The end of growth?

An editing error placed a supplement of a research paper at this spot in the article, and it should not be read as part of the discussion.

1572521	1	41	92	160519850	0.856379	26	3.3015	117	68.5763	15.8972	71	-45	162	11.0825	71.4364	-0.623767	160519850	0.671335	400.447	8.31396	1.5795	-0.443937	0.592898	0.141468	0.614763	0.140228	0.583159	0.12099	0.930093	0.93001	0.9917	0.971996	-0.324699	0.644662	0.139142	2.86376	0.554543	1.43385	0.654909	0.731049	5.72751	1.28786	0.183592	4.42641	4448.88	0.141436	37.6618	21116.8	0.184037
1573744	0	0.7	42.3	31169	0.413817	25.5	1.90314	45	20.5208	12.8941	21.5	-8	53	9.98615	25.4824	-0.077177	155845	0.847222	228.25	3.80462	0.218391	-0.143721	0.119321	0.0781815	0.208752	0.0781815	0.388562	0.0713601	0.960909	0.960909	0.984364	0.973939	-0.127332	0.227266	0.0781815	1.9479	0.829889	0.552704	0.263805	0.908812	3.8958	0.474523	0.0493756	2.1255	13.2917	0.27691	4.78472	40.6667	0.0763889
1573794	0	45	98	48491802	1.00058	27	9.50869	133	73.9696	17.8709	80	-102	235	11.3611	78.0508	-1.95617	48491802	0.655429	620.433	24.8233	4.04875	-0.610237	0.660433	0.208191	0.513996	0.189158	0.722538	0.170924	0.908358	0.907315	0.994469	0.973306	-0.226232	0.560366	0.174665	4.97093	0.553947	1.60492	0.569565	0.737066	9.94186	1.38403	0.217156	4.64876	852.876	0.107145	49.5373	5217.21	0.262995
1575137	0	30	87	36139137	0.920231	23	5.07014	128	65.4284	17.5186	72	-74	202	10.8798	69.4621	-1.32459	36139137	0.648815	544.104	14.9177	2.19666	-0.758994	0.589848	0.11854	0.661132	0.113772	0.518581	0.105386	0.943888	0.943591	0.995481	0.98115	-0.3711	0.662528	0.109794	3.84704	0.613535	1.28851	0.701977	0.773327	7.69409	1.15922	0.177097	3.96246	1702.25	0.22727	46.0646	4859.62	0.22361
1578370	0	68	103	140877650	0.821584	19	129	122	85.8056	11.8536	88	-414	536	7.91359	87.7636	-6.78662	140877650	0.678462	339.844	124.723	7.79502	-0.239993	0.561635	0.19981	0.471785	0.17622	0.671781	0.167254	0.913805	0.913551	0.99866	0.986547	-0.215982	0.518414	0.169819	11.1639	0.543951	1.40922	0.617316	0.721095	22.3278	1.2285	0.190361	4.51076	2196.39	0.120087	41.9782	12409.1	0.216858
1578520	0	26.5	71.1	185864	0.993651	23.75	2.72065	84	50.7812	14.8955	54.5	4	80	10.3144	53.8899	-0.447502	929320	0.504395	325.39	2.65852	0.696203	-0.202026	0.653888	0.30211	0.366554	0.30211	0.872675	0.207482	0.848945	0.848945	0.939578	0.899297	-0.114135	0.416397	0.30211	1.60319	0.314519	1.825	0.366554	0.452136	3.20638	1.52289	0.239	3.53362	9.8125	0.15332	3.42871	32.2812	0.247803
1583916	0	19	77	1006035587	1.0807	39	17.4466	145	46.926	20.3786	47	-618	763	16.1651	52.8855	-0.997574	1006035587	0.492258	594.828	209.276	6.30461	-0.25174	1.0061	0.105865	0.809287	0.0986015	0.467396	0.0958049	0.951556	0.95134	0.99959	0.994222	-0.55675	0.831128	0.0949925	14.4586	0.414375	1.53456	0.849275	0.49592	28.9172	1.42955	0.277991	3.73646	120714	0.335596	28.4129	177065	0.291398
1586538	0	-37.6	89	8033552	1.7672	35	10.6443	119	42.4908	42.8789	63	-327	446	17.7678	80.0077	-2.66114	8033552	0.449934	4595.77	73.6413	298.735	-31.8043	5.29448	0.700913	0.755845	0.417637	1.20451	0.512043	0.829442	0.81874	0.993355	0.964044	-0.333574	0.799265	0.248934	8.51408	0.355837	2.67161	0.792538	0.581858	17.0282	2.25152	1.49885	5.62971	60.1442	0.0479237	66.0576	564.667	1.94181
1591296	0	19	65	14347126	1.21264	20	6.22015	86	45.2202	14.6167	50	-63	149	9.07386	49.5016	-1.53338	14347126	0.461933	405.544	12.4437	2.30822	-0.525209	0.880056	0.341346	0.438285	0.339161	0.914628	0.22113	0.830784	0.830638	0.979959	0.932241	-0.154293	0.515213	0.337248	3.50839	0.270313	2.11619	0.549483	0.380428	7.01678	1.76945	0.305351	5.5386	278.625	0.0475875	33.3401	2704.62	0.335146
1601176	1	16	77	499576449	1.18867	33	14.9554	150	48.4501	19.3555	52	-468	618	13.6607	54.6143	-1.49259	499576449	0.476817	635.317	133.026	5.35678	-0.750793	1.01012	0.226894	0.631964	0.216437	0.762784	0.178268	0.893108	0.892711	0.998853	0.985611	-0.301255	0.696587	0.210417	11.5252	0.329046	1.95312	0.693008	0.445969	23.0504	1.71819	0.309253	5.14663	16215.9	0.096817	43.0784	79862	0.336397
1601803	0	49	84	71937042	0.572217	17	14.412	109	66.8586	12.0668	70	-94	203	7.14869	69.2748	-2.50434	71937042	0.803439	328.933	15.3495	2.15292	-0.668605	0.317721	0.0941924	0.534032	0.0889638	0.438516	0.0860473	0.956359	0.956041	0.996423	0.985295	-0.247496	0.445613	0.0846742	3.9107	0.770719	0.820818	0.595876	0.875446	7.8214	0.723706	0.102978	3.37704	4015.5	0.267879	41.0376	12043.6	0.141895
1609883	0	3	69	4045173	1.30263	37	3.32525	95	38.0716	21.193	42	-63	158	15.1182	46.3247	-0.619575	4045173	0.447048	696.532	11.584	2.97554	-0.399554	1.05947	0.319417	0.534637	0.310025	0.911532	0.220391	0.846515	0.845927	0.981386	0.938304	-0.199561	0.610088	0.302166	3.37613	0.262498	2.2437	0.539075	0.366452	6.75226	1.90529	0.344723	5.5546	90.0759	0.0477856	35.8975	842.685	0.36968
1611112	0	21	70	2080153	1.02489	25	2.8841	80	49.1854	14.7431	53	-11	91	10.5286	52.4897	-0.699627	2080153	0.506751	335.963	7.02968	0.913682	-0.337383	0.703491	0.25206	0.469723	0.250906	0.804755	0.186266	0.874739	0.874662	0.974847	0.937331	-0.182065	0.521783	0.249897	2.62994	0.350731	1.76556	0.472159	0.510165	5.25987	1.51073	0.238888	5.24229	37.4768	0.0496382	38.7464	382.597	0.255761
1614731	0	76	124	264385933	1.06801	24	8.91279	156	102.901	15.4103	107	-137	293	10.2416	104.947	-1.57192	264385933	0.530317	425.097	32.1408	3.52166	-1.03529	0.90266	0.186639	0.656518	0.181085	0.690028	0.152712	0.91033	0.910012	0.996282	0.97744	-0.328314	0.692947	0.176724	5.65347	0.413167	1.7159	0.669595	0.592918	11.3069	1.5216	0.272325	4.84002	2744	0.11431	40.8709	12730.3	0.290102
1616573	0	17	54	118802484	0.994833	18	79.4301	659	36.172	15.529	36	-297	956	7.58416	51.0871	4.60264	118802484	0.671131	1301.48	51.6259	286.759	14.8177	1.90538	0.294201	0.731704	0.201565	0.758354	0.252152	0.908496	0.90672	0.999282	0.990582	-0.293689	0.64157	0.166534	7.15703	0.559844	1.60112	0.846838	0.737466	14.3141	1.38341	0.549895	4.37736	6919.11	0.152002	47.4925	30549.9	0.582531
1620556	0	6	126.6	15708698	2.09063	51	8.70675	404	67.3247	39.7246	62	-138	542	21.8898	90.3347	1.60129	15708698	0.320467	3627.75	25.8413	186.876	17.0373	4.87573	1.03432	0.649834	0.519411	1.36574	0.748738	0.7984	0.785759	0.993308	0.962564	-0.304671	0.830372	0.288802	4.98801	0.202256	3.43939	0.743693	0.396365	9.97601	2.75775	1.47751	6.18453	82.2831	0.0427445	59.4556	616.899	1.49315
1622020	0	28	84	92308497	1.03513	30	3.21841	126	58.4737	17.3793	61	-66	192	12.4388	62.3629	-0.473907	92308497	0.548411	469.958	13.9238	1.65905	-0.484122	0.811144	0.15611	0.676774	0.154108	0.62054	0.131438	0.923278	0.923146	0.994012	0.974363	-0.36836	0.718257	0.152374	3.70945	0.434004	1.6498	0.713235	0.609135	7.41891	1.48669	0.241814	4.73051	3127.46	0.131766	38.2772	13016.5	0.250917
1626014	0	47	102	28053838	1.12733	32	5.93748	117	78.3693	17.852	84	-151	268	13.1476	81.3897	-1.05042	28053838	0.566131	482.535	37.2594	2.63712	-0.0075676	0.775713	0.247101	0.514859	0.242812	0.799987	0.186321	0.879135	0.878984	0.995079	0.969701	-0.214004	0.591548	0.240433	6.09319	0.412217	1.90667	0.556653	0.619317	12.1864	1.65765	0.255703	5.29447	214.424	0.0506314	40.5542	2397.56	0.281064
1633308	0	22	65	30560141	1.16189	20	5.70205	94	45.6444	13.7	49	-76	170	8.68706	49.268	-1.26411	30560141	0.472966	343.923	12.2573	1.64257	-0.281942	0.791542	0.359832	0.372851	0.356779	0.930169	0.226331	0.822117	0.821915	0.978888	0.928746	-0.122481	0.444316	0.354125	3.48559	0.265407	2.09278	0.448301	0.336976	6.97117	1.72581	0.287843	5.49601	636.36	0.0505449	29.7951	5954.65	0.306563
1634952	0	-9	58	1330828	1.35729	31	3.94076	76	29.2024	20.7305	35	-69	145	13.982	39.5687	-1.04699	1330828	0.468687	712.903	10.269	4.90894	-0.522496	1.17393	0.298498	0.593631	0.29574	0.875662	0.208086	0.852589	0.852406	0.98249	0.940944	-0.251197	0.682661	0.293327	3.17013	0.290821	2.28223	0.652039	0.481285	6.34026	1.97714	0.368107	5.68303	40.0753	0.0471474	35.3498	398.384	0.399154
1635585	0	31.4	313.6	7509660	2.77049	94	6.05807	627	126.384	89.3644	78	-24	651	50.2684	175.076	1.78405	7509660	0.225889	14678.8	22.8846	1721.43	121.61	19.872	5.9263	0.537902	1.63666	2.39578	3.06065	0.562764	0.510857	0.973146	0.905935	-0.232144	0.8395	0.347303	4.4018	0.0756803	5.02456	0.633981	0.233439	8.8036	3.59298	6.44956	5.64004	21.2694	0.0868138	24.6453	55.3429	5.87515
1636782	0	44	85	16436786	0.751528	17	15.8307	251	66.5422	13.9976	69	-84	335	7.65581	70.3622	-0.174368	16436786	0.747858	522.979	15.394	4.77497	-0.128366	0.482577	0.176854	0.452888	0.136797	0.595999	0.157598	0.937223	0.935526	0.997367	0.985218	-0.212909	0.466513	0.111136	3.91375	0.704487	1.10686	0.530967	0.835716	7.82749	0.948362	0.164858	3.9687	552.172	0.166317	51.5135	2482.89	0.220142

Further to my previous post, is there another similarity between now and the 1970s - that the causes of rapid economic growth in previous years are fading away?I mean, one reason why growth slowed in the 1970s was that a couple of the impetuses behind fast non-inflationary growth in the 50s and 60s - post-war rebuilding and the spread of some big technical advances - became weaker. Similarly, four possible forces behind economic growth since the mid-80s might also now be fading:1. Credit liberalization in the 80s led to a rise in the ratio of consumer debt to incomes. You can think of this as a long one-off adjustment, which is now most over. 2. In the 90s and early 00s, the risk premia on real capital assets declined, thanks to lower inflation, the absence of worker militancy and macroeconomic stability. This caused a rise in capitalists’ confidence and in capital spending, which was partly one-off. With the re-emergence of economic volatility, this process has stopped.3. In the 90s and early 00s, technical change in IT and telephony created investment opportunities that have now been mostly exploited.4. We’ve seen the best of the positive supply shock resulting from the supply of cheap goods from the far east. Even before the crisis began, the inflation rate for non-energy industrial goods was turning less negative; it was minus 0.8% in the 12 months to December 2007, against more than minus 2% for 1999-2005.These weakening forces gel well with two broad facts. First, the trade-off between unemployment and inflation (in the US) and between unemployment and the trade gap (in the UK) has worsened. This is consistent with a deterioration in the ability of economies to deliver non-inflationary growth. Secondly, even before the crisis, consumer spending was falling relative to wealth, and capital spending was low relative to profits. Both are consistent with forward-looking agents taking a dim view of future growth prospects. Maybe they were right.